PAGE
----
Company title is a term used to describe a conventional property title that is held by a company. The shareholders of the company have a right to occupy a part of the building or land in accordance with the constitution of the company. The company is the registered proprietor of the land.
A common misconception when purchasing a company title property (typically, though not always, an apartment) is that you are acquiring the property.
What you are actually acquiring is a share (or shares) in the company which is the registered proprietor of the property with the right to occupy a part of the property (for example, the apartment).
A client approached me the other day with a contract for a company title apartment. Her question to me was, “Is it a good idea for me to buy a company title property?”.
As is often the case, my answer was, “It depends on your circumstances”.
The “circumstances” for this particular client is that she is a first home buyer.
The first issue was whether she could find a lender who would lend her the money to complete the purchase.
Some lenders will provide finance provided the borrower has a large deposit (for example 30% to 50%), though some lenders will not provide finance for company title at all.
One of the reasons for this is that lenders generally take a mortgage over their borrower’s real property. As the borrower is actually acquiring a share, the lender cannot take a mortgage over the real property. The lender’s security is a mortgage or charge over the borrower’s shares. Lenders may view this as being a lesser security than a mortgage over real property.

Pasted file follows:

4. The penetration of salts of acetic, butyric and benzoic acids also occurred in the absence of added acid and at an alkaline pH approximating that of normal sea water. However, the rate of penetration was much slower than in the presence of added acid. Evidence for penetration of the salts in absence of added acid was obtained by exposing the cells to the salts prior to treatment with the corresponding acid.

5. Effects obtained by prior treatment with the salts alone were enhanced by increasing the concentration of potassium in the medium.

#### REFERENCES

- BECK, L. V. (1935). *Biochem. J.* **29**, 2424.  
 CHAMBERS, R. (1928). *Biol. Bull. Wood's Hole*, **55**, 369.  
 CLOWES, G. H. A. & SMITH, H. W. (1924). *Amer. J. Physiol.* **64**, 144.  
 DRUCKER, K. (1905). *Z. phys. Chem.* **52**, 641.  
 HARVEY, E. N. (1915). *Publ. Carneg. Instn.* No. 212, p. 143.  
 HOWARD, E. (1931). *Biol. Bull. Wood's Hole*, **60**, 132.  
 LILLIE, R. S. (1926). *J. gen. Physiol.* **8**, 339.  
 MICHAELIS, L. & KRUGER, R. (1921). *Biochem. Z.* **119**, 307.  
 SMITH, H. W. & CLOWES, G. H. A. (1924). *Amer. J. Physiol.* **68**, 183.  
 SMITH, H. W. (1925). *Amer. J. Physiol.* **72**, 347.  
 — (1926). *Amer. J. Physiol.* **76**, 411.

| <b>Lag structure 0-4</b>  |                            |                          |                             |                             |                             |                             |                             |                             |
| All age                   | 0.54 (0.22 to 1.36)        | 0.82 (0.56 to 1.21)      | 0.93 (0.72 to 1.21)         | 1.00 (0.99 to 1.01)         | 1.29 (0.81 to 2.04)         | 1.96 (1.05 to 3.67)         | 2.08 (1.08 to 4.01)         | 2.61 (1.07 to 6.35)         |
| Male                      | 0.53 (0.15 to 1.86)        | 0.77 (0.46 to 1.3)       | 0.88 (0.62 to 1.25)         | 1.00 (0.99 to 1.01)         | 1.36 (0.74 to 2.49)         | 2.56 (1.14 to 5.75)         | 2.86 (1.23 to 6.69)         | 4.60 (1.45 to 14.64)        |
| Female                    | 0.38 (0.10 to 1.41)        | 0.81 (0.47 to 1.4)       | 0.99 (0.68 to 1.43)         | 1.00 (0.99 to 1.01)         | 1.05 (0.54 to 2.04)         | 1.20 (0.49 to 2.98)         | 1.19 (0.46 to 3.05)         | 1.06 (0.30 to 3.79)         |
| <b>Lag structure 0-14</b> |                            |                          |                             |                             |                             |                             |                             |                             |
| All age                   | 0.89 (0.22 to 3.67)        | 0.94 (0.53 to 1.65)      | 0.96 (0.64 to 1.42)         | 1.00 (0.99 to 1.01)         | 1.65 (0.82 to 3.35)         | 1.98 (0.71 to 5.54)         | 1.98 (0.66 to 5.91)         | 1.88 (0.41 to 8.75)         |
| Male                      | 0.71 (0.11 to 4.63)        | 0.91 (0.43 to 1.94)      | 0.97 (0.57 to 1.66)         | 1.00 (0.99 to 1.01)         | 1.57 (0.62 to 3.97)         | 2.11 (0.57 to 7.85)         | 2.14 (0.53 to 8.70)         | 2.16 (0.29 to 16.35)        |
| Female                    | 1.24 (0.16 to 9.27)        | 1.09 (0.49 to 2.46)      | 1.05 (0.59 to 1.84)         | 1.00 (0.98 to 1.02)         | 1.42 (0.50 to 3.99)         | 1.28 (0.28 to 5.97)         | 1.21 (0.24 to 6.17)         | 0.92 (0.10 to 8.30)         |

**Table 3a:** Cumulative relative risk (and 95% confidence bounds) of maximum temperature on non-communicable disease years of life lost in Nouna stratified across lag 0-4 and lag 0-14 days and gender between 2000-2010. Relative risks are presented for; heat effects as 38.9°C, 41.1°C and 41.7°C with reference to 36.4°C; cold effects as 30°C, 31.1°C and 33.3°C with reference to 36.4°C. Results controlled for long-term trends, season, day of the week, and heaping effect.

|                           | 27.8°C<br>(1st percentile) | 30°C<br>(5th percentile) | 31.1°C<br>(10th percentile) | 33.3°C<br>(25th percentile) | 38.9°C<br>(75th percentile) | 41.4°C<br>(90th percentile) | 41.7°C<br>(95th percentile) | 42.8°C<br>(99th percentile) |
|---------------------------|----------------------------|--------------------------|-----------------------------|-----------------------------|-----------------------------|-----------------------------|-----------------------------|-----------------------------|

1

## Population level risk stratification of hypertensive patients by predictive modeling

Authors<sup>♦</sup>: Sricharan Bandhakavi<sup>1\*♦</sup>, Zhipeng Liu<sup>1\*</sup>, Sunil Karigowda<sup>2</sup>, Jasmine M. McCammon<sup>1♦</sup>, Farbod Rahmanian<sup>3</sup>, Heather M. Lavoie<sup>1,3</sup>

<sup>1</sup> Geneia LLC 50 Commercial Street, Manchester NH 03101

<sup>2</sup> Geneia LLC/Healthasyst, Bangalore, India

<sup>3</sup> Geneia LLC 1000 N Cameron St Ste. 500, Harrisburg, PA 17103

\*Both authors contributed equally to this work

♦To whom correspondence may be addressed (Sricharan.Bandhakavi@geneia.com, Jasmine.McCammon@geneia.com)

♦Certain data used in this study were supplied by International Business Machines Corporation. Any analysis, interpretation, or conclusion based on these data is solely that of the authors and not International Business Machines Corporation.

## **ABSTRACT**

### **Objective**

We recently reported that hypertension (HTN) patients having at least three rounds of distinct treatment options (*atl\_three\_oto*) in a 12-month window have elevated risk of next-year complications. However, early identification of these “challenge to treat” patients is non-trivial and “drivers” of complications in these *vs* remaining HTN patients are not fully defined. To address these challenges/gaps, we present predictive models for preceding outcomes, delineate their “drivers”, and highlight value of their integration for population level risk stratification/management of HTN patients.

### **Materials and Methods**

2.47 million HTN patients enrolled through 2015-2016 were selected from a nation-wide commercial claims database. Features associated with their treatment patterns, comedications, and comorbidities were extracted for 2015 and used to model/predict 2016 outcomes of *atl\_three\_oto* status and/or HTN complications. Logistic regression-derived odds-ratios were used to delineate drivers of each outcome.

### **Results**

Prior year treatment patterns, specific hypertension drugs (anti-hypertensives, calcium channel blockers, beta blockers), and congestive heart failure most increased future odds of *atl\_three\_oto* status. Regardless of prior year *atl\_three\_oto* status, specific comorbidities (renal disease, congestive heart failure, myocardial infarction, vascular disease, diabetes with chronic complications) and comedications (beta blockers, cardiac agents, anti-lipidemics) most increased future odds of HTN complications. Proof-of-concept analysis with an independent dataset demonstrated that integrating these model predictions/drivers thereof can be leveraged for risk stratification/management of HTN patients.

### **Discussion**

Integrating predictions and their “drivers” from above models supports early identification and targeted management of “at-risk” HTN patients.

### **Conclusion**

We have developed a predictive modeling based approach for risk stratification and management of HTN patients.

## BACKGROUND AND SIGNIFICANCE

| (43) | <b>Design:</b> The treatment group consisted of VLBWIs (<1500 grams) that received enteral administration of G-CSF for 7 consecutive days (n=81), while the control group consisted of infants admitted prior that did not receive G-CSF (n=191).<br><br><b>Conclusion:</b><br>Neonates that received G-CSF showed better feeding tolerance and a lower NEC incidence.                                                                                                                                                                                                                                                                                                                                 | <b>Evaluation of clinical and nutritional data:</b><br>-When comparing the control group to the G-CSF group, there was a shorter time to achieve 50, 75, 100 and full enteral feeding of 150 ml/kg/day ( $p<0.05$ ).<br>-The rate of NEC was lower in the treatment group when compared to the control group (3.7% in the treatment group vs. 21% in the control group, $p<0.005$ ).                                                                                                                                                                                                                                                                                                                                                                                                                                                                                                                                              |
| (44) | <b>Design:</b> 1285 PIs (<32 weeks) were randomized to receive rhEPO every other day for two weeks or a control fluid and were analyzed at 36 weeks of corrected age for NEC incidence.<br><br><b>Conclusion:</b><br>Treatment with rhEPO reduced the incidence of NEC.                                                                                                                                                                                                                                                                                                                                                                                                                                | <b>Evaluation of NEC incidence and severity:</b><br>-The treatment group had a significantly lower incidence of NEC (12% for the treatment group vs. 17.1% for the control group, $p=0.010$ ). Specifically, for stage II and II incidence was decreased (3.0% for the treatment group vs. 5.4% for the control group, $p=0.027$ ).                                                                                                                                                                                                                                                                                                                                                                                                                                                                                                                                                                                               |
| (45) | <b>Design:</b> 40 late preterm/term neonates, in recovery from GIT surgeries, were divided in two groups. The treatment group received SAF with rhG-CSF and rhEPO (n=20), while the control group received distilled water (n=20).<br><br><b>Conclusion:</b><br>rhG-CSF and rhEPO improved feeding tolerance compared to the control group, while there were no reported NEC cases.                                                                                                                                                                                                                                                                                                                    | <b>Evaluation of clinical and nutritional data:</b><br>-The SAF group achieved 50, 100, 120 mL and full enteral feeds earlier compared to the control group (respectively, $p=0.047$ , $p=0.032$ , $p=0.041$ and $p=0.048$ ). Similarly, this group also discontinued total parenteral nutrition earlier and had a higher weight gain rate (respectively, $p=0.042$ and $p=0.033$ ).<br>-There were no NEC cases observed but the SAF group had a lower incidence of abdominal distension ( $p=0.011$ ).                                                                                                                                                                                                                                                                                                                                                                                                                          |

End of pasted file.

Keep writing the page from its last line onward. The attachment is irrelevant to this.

Another factor relevant for the consideration of my client is that as a young buyer, a priority for her is capital growth. A company title property may not see the same capital appreciation as a strata property.
Constitutions of company title properties often provide that the board must consent to the new tenant or owner. This can present another issue for consideration when purchasing as the constitution of the company may prevent you from renting out the property as an investment, or require board approval of any prospective tenant.
Whilst some may see this as a disadvantage, other owners consider this a benefit as they have an element of control over who may occupy the building which is not possible in a strata building,
The point is, that there is no simple answer to the question about purchasing a company title property.